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Can We Really Trust the Media?

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Apr. 29, 2013

 

In 2001, Avery Dulles did an interview with famed television talk show host and journalist Charlie Rose.  Most of you probably don’t know who Avery Dulles was.  A little background on him helps illustrate the magnitude of the interview. Dulles was raised in the Presbyterian Church, became an agnostic by the time he attended Harvard, and in his early twenties converted to Catholicism.  He then matriculated into Harvard Law School, but entered the Navy before graduating.  Upon being discharged from the Navy, Dulles became a Jesuit.  He eventually was ordained a priest, became a prolific writer, teacher, and theologian, and was appointed Cardinal by Pope John Paul II.  He was a very educated man with a diverse background and made a 180-degree change intellectually and spiritually.  He experienced both sides of the fence, which makes his comments to Charlie Rose all the more powerful.

At one point in the interview, Charlie Rose asked Cardinal Dulles what Dulles thought was the biggest problem facing the American Catholic Church.  With the daring of a saint, Cardinal Dulles calmly replied that Charlie Rose was the problem.  Charlie Rose was shocked.  Even-tempered, Dulles asked Rose if he had any personal issues with the Catholic Church.  Charlie Rose admitted that he did.  Dulles then asked Rose if Rose portrayed news and issues regarding the Catholic Church with his bias to viewers.  Charlie Rose admitted that he did.  After all, it is his show.  Cardinal Dulles further explained that the largest problem the American Catholic Church faces is that most American Catholics doctrinal formation comes from the media.  The mass media, with all of its biases, has somehow become the most influential teacher of all things Catholic to the detriment of everyone.

It’s staggering how many people speak incorrectly with prejudice and hostility towards the Catholic faith, which in turn breeds further animosity and misunderstanding toward the Church.  The inaccurate reporting and biases against the Catholic Church have caused mass confusion, among Catholics and non-Catholics, as to what the Church teaches and stands for.  It’s led some to become apathetic, others to hate, and many to leave a church they don’t even know.  Archbishop Fulton J. Sheen said, “There are not more than 100 people in the world who truly hate the Catholic Church, but there are millions who hate what they perceive to be the Catholic Church.”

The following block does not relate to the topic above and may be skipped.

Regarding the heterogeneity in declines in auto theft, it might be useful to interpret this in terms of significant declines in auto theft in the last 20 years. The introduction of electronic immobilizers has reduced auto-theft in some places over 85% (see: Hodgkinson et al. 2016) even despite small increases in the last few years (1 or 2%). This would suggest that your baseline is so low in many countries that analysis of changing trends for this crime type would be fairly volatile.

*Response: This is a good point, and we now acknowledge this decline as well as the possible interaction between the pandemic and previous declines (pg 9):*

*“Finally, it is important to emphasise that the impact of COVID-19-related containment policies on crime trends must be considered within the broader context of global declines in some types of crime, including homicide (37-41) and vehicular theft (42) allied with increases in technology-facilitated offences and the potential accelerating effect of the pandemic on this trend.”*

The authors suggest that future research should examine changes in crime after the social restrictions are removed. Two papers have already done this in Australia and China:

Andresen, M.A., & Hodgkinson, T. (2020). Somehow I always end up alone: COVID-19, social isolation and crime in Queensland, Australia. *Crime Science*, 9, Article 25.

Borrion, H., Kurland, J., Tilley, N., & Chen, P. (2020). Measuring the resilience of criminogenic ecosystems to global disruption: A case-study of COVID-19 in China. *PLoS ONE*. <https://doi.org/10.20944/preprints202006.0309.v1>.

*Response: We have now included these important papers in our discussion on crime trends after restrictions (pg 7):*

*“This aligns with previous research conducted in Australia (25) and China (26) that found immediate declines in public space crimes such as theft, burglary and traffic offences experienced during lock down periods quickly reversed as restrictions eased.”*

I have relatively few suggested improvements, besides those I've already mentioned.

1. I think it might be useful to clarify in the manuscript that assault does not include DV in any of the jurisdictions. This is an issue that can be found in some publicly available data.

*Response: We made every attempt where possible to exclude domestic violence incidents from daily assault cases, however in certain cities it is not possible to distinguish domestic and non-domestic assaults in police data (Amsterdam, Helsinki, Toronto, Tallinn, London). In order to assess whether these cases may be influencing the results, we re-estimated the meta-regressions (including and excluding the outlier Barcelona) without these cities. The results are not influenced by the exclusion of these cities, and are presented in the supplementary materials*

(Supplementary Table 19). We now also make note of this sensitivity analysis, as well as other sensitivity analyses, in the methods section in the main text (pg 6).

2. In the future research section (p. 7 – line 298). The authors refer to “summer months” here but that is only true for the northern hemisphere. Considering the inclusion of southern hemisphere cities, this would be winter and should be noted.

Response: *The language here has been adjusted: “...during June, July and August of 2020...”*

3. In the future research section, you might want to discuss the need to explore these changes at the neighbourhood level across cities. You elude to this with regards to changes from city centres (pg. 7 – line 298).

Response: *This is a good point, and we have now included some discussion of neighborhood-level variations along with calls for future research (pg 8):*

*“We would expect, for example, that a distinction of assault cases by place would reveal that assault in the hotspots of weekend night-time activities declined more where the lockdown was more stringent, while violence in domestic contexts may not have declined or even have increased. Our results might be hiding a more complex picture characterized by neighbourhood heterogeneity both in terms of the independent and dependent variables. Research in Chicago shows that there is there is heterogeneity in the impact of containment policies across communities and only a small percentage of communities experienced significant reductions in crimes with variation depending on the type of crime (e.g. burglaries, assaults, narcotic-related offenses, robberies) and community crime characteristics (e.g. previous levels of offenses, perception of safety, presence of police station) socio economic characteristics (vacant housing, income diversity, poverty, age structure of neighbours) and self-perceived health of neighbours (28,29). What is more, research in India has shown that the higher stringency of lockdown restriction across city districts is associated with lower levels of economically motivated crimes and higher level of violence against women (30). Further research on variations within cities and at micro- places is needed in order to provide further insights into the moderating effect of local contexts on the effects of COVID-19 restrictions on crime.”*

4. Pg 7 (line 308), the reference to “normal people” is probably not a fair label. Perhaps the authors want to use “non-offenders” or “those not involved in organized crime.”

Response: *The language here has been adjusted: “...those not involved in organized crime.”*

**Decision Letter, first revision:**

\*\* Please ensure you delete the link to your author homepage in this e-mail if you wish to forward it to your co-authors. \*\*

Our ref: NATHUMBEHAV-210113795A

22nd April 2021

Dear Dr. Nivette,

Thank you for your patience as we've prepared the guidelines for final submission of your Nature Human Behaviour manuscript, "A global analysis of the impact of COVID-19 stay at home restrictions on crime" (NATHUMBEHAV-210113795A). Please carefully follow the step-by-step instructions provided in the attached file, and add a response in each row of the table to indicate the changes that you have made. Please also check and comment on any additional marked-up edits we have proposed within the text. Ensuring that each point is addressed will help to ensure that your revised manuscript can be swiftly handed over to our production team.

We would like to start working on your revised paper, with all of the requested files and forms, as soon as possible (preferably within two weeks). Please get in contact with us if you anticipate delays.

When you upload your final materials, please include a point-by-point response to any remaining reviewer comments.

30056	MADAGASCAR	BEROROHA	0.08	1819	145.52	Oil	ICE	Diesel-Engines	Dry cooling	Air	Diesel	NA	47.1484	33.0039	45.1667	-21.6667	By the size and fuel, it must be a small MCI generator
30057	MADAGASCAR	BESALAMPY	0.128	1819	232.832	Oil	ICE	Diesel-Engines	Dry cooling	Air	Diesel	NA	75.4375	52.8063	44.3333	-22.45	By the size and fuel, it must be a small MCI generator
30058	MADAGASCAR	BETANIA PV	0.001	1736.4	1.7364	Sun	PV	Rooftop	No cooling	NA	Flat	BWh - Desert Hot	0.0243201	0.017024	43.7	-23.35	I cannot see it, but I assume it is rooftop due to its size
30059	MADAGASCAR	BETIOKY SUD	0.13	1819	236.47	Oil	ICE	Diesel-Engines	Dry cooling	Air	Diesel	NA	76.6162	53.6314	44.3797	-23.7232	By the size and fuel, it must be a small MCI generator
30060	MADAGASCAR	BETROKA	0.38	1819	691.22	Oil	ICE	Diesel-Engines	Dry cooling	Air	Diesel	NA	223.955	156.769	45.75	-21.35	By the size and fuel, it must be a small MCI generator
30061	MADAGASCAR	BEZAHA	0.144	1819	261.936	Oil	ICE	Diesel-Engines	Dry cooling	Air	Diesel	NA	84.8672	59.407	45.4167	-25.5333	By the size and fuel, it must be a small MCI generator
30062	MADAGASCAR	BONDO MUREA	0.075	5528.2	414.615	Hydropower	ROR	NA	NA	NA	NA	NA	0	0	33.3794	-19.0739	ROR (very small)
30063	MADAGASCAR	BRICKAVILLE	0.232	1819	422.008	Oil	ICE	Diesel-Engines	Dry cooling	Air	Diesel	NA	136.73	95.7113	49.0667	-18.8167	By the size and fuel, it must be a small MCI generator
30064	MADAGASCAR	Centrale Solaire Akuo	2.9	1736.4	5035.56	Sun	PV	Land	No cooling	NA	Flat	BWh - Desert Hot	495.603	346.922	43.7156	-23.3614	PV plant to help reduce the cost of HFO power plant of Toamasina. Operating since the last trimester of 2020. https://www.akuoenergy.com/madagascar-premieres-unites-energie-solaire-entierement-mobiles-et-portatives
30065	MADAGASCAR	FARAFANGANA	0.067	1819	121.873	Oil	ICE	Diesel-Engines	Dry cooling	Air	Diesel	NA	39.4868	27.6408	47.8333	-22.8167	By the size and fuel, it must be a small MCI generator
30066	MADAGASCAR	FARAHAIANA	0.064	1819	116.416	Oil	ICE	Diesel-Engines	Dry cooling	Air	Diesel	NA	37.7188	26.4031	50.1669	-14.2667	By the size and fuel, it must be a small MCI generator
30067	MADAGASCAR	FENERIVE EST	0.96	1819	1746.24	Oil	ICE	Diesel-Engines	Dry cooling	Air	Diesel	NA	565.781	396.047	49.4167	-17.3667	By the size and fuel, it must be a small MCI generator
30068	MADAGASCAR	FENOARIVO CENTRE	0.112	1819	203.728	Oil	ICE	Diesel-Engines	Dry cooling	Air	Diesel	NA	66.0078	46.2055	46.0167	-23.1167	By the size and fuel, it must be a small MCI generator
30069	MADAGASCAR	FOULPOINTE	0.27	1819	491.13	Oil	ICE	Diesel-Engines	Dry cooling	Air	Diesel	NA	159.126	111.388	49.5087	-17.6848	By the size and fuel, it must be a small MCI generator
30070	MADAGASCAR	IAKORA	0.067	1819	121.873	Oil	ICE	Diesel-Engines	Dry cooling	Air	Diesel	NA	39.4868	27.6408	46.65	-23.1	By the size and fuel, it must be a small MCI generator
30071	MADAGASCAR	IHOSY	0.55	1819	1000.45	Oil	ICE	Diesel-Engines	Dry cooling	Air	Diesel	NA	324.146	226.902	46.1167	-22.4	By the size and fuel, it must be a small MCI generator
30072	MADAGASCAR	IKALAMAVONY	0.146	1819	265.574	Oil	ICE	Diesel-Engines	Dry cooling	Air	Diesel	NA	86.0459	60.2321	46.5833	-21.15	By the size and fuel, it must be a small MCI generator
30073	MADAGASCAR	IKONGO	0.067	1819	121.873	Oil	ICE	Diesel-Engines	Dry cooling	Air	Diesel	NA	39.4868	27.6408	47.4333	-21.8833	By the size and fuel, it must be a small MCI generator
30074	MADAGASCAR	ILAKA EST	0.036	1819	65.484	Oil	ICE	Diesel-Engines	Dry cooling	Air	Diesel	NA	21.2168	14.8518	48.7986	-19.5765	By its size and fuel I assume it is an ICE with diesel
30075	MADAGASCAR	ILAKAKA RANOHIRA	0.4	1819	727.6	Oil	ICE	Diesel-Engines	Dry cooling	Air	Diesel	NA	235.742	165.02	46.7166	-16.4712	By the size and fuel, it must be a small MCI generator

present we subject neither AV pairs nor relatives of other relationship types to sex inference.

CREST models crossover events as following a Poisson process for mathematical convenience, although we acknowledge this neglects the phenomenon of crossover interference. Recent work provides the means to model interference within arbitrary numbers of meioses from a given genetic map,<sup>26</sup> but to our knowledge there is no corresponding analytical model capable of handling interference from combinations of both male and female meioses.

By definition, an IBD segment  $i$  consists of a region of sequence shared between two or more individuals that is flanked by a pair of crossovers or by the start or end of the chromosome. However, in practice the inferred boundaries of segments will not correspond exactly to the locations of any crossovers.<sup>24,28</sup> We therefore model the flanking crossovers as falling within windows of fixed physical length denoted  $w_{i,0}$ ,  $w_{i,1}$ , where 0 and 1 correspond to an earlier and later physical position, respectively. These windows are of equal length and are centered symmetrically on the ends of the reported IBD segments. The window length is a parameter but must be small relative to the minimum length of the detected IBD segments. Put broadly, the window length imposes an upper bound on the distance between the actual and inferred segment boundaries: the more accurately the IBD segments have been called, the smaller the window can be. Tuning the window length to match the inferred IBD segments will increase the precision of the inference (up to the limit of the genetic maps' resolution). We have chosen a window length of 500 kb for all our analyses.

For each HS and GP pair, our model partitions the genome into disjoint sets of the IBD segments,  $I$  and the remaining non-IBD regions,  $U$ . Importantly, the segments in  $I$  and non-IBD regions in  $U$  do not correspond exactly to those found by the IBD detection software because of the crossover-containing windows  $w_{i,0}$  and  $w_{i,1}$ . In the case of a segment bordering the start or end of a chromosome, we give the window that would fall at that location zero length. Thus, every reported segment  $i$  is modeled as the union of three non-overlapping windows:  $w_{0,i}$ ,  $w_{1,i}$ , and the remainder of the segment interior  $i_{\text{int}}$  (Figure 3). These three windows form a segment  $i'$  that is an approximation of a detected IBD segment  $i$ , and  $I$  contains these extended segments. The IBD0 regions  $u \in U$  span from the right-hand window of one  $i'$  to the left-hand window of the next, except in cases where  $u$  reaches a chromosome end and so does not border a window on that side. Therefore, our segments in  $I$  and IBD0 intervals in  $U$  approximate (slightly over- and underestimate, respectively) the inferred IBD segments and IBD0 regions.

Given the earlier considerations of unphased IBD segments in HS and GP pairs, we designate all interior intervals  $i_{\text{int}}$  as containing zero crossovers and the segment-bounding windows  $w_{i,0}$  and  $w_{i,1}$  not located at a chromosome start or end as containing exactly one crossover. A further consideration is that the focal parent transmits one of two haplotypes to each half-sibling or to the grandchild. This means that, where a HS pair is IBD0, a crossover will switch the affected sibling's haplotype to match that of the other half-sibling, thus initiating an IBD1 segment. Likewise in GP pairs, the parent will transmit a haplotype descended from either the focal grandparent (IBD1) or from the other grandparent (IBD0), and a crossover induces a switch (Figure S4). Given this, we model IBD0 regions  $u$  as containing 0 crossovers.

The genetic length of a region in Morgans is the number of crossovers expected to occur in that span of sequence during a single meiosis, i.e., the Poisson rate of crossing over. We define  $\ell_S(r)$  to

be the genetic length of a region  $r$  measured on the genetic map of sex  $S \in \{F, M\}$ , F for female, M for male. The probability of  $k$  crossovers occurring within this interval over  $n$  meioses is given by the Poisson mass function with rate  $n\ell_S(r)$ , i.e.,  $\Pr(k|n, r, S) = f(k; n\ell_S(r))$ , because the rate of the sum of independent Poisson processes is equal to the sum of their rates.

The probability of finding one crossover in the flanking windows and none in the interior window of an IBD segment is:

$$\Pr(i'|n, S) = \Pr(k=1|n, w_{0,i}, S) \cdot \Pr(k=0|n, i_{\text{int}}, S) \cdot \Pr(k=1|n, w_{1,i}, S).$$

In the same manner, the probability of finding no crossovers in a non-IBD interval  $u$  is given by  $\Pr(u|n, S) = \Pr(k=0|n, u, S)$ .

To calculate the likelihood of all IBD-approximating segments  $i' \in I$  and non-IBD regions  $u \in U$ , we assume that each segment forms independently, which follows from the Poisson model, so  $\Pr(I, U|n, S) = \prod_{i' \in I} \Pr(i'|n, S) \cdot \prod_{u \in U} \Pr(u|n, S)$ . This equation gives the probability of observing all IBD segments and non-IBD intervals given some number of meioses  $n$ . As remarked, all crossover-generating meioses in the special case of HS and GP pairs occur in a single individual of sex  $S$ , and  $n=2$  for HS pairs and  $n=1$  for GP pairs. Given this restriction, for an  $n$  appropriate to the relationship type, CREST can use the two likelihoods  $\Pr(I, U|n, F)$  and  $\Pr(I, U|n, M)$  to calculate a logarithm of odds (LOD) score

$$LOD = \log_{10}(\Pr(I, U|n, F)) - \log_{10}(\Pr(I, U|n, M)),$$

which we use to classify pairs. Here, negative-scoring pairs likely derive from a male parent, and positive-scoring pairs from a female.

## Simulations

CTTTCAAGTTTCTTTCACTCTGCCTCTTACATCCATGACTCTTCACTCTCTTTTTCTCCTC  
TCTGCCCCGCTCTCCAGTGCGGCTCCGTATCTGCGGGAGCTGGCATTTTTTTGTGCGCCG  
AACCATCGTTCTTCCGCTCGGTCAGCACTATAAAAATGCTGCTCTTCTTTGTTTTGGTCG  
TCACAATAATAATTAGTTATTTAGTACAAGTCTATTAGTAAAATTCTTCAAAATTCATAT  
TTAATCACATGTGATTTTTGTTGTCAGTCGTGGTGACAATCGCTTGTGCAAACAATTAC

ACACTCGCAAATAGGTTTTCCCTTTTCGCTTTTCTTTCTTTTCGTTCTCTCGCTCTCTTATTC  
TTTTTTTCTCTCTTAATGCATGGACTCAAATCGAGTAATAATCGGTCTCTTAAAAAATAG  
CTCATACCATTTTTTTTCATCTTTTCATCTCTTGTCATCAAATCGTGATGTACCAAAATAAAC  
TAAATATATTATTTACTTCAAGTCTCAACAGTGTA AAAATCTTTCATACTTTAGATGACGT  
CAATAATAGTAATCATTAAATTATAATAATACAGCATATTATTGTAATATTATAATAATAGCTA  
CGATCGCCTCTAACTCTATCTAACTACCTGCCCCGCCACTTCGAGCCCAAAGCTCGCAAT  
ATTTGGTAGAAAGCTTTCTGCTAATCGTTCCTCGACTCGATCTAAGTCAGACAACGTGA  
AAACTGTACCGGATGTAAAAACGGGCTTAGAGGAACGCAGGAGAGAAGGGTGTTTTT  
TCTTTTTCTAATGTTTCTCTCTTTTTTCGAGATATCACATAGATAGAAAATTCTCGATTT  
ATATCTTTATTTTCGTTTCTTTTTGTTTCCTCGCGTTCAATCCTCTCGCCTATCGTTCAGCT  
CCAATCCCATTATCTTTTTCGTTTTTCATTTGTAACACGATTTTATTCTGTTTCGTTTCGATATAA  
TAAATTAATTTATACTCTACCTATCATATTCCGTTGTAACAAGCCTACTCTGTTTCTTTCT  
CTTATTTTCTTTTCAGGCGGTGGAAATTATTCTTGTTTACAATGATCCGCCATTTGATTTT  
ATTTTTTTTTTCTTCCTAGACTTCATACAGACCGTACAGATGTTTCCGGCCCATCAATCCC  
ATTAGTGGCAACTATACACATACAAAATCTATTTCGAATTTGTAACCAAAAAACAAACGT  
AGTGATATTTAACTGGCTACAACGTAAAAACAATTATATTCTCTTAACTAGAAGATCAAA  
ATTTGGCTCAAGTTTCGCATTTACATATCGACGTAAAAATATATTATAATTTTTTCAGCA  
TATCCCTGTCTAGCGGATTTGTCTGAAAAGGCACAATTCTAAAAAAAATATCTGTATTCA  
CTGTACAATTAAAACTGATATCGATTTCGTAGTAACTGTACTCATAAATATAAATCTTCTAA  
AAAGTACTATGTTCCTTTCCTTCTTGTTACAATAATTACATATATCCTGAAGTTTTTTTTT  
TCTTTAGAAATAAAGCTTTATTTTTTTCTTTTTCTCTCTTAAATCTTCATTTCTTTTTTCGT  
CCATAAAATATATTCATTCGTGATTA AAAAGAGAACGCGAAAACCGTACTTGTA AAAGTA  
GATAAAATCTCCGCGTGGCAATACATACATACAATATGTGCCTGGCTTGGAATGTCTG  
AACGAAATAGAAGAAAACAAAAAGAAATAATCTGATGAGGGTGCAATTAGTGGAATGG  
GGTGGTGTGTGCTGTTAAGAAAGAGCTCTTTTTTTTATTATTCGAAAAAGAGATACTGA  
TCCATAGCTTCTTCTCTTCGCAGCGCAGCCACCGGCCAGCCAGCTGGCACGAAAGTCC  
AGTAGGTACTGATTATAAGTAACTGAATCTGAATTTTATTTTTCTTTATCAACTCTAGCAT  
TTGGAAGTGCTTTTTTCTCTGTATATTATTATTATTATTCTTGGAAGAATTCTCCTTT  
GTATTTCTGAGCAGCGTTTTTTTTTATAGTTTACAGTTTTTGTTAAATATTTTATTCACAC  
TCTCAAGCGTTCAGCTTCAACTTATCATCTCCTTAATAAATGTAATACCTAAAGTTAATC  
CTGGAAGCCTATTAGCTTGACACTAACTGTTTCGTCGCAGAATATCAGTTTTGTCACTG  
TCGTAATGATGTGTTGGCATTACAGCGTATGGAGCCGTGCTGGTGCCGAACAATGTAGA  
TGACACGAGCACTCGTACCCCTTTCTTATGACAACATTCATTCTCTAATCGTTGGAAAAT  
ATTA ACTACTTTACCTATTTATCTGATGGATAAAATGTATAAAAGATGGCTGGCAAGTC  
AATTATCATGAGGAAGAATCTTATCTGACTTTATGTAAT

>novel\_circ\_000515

Now that we have identified what we are up against, what is the answer to this dilemma?  You are!  If you really want to know the truth about our faith, you are going to have to do some work.

While we might live in a time when it seems difficult to know the truth about anything, we also live in a world with amazing resources at our fingertips.  You can access the Catechism of the Catholic Church, the Bible, documents by the early Church fathers and popes, and Catholic encyclopedias online.  Notice, I didn’t mention Wikipedia.  Check out the Vatican’s and United States Conference of Catholic Bishops’ websites, too.  Both are great resources with documents from popes, councils, and bishops. 

Get serious about reading the Bible.  St. Jerome said, “Ignorance of the Scriptures is ignorance of Christ.” The Catechism reads, “The Church, ‘forcefully and specifically exhorts all the Christian faithful. . .to learn ‘the surpassing knowledge of Jesus Christ,’ by frequent reading of the divine Scriptures.’ ”[1] Come to know Christ!

Get involved at your Newman Center.  Newman Centers usually have programs throughout the year regarding learning more about the faith.  If your Newman Center doesn’t have something like this, talk to your priest about starting a program.

Get together with a group of friends and start a formation circle.  Make sure you are reading good books.  Ask a priest’s recommendation for theologically correct books.  Discuss it with your friends and family.  Whatever you do, never stop learning more about Catholicism.

About the Author

Jeremiah Doyle is a freelance correspondent for Newman Connection.


[1] Catechism of the Catholic Church, 133

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